Job title: Assistant Professor, Departments of Community Health Sciences, Medicine and Obstetrics and Gynecology, Cumming School of Medicine, University of Calgary
Why she’s a 2018 Top 40 Under 40:
Dr. Amy Metcalfe leads novel research that’s improving health and health care for pregnant women and has brought research funding and accolades to the University of Calgary.
Dr. Amy Metcalfe looks for stories hidden in numbers — patterns or blips in the data collected by a variety of different health agencies that she can use to improve the health of pregnant women and even save their lives. “Sometimes, just looking at the numbers, you choke up a bit. You can see awful things that are happening to people. It motivates me,” says Metcalfe, an epidemiologist and assistant professor at the University of Calgary.
Metcalfe conducts research into maternal health with a special focus on pregnant women with chronic diseases like hypertension and diabetes. Pregnant women have been typically excluded from clinical trials, so little evidence-based information exists on how to best care for them. Metcalfe has set out to change that.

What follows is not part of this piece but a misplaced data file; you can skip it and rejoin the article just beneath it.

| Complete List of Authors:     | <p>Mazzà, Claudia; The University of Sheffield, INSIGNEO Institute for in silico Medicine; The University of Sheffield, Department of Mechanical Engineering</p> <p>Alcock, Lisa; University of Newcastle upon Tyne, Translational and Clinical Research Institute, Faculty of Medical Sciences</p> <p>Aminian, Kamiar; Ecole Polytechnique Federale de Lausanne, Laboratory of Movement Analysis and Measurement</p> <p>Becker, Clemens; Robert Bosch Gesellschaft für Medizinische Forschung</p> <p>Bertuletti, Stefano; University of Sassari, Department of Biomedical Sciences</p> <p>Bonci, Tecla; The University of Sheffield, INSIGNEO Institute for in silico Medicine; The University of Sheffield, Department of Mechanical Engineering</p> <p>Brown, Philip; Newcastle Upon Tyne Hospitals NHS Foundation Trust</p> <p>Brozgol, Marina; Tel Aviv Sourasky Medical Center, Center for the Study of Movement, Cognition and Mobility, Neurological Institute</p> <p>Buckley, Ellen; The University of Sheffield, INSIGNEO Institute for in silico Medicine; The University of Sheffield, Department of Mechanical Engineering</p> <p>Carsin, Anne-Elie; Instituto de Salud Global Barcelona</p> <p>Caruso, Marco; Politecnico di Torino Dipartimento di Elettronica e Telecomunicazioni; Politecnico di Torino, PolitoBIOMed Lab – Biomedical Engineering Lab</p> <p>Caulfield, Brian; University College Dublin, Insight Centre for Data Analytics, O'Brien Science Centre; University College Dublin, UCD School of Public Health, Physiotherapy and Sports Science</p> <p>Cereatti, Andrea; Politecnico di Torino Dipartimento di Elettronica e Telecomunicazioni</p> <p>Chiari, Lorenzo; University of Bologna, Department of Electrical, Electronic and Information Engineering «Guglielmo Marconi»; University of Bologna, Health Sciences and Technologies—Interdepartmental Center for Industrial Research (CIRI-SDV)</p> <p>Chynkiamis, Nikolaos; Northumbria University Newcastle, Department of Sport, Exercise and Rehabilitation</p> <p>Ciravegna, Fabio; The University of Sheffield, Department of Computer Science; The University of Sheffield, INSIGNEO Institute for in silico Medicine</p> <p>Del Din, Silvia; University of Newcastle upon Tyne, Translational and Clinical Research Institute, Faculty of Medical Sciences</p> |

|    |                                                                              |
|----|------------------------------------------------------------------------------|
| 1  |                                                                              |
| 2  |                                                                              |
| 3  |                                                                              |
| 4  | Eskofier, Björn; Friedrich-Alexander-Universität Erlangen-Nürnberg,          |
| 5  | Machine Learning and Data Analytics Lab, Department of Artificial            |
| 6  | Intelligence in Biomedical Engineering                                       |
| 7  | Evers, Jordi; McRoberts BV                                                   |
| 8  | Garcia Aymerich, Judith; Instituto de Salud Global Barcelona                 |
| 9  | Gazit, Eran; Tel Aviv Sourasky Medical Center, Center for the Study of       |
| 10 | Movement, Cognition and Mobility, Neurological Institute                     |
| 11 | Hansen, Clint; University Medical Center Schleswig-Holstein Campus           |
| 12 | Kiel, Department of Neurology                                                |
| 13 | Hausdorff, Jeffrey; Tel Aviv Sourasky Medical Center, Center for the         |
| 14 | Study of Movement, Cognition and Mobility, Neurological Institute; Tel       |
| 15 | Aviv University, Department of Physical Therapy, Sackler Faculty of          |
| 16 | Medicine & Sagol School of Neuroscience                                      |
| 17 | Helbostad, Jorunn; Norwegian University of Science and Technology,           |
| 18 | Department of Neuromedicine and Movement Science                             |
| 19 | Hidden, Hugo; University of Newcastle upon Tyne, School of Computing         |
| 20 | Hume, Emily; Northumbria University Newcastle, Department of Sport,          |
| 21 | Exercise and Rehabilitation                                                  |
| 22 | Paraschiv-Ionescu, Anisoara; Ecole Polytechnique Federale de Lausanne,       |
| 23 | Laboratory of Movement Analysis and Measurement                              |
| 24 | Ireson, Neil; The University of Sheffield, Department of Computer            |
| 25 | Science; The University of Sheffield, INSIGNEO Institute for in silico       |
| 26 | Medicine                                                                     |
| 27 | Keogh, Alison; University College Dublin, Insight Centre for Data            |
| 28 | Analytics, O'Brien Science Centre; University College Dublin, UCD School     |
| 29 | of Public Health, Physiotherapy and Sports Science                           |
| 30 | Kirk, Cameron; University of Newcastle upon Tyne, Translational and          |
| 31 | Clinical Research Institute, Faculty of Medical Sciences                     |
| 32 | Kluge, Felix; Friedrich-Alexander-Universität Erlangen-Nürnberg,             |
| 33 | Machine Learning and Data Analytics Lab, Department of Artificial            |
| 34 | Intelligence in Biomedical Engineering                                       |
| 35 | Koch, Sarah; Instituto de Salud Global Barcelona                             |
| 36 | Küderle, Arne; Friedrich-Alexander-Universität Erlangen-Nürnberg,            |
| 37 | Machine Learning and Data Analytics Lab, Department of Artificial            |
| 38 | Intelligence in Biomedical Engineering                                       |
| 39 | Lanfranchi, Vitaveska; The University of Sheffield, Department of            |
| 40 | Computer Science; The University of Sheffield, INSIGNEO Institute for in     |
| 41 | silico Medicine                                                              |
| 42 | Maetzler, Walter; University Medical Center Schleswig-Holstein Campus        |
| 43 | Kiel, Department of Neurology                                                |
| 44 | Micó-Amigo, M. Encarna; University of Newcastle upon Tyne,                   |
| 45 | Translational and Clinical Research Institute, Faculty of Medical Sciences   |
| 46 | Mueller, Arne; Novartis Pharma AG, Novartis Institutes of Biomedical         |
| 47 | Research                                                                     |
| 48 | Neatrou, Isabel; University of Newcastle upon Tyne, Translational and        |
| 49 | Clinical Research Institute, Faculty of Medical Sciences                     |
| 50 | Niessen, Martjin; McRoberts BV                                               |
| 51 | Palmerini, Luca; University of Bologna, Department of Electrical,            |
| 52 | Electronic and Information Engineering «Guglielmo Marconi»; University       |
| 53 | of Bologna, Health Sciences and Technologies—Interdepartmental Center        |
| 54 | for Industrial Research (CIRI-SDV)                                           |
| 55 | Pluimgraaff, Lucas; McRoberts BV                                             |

Her work has earned national and international accolades, bringing in over $2 million in funding. She received a New Investigator Award from the Canadian Institutes of Health Research, given to the country’s most promising young scientists, and was the only Canadian selected for the Future Leaders in Health Data Science Programme hosted by the U.K.-based Farr Institute in October, 2017.
Her findings have already led to changes in prenatal clinical practice throughout the province, including a decrease in unnecessary tests during pregnancy, a change that saves health-care dollars and spares women from undue stress. The preliminary results of an ongoing study also seem to suggest her findings have led to a reduction in the Caesarean delivery rate in Alberta.
“I’m hopeful that the work I do will actually change the way medicine is practiced and give women more information to make better decisions. I’m hoping this will give women real data that they can use to make decisions that are best for them and their families,” says Metcalfe.
Metcalfe ended up in Calgary thanks to a poster advertising a free trip to the Rockies, which turned out to be a recruitment campaign for the U of C. At the time, she was finishing her master’s degree in Saskatchewan. She applied, met a team of like-minded researchers, and decided to pursue her PhD in Calgary.
Her work isn’t limited to the university; Metcalfe has also worked on programs and research projects for pregnant women at The Alex Community Health Centre and Mosaic Refugee Health Clinic. “We’re working to improve the quality of health care available to all women in Calgary,” she says. —Christina Frangou